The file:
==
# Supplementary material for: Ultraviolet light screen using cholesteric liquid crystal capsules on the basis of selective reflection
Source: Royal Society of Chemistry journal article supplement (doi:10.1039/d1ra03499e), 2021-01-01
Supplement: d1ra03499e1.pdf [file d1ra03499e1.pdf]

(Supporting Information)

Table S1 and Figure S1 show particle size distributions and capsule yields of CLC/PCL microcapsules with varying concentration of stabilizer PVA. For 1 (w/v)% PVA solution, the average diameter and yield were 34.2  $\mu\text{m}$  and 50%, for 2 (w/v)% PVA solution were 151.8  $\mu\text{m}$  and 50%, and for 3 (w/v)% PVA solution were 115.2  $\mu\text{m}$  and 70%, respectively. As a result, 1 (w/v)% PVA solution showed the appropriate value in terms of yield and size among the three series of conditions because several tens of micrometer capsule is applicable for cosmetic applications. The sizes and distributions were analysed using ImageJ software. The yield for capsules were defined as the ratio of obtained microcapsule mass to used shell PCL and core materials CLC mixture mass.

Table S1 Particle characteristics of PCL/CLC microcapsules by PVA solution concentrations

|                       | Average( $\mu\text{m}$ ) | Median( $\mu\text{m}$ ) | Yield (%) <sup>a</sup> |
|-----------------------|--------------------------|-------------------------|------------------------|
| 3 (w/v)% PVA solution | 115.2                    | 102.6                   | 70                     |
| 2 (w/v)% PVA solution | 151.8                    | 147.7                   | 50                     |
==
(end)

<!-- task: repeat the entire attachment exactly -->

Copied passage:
# Supplementary material for: Ultraviolet light screen using cholesteric liquid crystal capsules on the basis of selective reflection
Source: Royal Society of Chemistry journal article supplement (doi:10.1039/d1ra03499e), 2021-01-01
Supplement: d1ra03499e1.pdf [file d1ra03499e1.pdf]

(Supporting Information)

Table S1 and Figure S1 show particle size distributions and capsule yields of CLC/PCL microcapsules with varying concentration of stabilizer PVA. For 1 (w/v)% PVA solution, the average diameter and yield were 34.2  $\mu\text{m}$  and 50%, for 2 (w/v)% PVA solution were 151.8  $\mu\text{m}$  and 50%, and for 3 (w/v)% PVA solution were 115.2  $\mu\text{m}$  and 70%, respectively. As a result, 1 (w/v)% PVA solution showed the appropriate value in terms of yield and size among the three series of conditions because several tens of micrometer capsule is applicable for cosmetic applications. The sizes and distributions were analysed using ImageJ software. The yield for capsules were defined as the ratio of obtained microcapsule mass to used shell PCL and core materials CLC mixture mass.

Table S1 Particle characteristics of PCL/CLC microcapsules by PVA solution concentrations

|                       | Average( $\mu\text{m}$ ) | Median( $\mu\text{m}$ ) | Yield (%) <sup>a</sup> |
|-----------------------|--------------------------|-------------------------|------------------------|
| 3 (w/v)% PVA solution | 115.2                    | 102.6                   | 70                     |
| 2 (w/v)% PVA solution | 151.8                    | 147.7                   | 50                     |